Senior academic mentor (formerly the formidable sounding ‘master of scholars’) is responsible for intellectual stretching of those with academic awards and Oxbridge candidates. We couldn’t help feeling that this role (especially under its previous title) seemed a little un-Oakhamian. Not at all, we were told; the scholars’ society is ‘elitist but not exclusive’, members aren’t necessarily academic scholars: some have been talent-spotted by housemasters. After all, there are established pathways to extend and develop sporting, musical and artistic talents. Chosen pupils attend a seminar programme designed to play to particular specialisms and nurture ‘genuine intellectual curiosity’. Whole school enrichment week in the autumn term is also designed to challenge and surprise all pupils. Most recent theme was the enticing sounding, ‘rules and rebellion’.

The Smallbone library (named after a former head), is impressive, the foyer doubles as an exhibition space and was full of pupils’ art work; it’s also used for parent meetings. Upstairs though it is absolutely silent. Certainly no talking, no whispering and no headphones. ‘Up here pupils can hear themselves think’, the librarian told us (very, very quietly).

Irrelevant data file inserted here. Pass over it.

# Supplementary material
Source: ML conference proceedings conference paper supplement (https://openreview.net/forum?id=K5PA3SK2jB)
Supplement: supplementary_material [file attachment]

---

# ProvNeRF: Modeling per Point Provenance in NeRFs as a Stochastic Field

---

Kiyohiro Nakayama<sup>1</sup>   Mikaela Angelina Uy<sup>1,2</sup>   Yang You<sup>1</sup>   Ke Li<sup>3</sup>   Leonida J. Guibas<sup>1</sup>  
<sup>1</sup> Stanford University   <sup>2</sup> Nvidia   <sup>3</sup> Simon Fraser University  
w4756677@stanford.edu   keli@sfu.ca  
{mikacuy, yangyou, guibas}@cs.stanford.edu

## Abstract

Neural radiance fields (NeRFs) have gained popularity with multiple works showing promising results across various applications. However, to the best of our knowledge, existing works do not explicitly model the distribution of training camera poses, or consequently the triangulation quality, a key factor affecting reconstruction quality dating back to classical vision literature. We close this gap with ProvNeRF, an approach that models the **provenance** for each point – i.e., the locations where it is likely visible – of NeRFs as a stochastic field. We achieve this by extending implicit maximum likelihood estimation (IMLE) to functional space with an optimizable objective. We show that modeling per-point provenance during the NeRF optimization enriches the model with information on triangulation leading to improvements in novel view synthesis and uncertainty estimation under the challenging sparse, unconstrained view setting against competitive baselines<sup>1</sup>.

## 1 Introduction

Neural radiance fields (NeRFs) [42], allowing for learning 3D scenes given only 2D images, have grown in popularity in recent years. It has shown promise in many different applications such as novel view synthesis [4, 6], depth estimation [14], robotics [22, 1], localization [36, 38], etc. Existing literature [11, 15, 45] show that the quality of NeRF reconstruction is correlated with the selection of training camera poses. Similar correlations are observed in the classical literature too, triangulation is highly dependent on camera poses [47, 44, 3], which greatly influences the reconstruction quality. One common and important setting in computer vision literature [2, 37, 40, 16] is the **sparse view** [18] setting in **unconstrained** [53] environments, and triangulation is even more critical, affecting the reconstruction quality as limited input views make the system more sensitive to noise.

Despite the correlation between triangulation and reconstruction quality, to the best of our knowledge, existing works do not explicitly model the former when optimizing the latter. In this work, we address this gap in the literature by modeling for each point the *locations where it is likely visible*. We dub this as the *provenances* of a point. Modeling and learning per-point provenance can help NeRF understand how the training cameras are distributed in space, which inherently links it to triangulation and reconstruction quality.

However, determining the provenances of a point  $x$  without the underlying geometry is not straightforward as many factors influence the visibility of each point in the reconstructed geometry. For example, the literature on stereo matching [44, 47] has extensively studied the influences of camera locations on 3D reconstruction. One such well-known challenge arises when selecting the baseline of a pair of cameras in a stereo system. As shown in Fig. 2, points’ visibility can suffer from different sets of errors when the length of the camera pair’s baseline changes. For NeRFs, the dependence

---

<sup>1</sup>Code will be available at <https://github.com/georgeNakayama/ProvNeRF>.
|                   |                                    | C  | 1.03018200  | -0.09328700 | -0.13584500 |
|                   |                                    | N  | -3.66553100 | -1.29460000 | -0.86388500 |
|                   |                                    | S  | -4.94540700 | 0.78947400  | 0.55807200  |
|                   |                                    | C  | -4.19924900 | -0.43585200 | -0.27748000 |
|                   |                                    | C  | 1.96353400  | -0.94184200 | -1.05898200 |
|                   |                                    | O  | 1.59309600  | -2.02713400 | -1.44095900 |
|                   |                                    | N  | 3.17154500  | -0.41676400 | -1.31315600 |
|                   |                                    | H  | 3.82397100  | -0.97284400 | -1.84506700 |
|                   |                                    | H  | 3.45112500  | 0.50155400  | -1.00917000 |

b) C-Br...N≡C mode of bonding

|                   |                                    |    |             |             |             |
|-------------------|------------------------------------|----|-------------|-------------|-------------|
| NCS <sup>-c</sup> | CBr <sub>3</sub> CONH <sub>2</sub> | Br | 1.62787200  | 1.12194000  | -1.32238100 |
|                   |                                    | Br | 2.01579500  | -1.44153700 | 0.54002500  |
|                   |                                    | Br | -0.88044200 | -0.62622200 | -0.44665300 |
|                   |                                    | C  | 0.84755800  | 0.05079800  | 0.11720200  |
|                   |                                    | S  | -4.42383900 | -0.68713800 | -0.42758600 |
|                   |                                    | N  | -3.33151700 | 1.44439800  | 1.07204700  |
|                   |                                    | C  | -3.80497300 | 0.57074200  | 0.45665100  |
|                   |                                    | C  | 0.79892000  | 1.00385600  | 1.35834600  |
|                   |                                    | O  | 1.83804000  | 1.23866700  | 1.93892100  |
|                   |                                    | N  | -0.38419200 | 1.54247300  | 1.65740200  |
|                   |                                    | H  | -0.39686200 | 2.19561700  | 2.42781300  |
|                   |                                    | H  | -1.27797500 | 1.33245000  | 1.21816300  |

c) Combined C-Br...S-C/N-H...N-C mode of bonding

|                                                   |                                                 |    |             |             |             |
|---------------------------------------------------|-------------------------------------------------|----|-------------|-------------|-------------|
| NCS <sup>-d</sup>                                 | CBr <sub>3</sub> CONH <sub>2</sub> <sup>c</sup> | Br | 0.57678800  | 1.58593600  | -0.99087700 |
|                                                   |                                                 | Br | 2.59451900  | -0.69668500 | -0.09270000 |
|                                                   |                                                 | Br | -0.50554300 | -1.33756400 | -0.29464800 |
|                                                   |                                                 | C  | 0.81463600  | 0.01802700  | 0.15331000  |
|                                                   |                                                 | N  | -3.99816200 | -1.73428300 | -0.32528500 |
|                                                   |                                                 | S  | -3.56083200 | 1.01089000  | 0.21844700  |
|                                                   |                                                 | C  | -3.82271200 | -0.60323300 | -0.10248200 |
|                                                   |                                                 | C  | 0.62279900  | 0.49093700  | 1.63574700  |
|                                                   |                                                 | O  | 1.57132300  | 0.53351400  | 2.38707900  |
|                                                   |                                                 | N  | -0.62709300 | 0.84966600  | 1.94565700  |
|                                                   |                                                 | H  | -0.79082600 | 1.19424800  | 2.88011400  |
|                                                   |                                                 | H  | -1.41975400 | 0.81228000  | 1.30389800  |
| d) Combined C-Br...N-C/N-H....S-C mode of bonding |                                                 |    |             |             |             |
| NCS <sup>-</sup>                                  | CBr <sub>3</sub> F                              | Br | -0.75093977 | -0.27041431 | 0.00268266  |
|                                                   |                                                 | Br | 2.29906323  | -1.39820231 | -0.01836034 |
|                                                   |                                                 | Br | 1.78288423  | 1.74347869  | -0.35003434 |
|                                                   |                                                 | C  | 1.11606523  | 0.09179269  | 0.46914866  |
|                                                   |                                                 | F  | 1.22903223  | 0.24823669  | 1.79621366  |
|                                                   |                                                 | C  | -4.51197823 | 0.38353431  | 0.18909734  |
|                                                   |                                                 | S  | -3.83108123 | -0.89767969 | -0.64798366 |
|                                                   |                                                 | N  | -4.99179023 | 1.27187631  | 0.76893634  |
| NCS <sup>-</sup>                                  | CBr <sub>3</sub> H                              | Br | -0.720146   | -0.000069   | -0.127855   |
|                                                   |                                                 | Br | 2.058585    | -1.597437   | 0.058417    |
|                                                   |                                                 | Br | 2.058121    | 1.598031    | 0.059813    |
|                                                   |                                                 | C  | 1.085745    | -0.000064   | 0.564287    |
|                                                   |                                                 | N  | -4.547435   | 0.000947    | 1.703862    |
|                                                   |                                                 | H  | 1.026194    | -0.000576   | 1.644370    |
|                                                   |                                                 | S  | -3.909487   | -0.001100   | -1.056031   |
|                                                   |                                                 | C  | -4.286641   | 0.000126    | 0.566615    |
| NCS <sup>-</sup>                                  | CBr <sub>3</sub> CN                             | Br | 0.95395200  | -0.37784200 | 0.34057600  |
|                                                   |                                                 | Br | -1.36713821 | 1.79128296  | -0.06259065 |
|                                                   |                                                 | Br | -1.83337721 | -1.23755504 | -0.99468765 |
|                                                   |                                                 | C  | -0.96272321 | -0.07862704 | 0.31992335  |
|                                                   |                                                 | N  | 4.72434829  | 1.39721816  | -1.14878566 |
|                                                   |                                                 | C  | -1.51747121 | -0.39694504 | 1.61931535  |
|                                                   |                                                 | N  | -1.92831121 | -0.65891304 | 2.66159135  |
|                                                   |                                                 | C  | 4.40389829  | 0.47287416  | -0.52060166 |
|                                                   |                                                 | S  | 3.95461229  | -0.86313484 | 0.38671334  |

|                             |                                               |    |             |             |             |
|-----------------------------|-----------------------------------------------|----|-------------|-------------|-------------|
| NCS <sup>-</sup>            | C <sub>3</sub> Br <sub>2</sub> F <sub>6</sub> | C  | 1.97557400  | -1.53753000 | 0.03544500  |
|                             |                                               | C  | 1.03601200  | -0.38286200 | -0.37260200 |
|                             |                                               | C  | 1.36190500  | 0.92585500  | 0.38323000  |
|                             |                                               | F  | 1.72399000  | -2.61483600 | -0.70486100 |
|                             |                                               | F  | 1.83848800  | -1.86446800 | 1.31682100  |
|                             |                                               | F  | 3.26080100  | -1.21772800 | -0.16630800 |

Games, options, the arts

A word to the wise: don’t trot out the cliché ‘sport for all’ if you’re visiting Oakham - unless you want to run five times round a rugby pitch and do 100 press ups as punishment. Director of sport actually shuddered at such a last century idea. The distinction is a bit lost on us because that seems to be what happens, even if the emphasis these days is on health and fitness as much as competition. Huge choice of over 30 sports, from sailing on nearby Rutland Water (Oakham’s sailing coach devised and hosted the inaugural Water Quidditch World Cup) to polo (water and four-legged variety), and all take part, whether by competing or supporting. Outstanding facilities including 40 acres of grass pitches, two floodlit all-weather pitches, multi-purpose sports hall, squash and fives courts. The cricket square hosts county matches as well as school fixtures.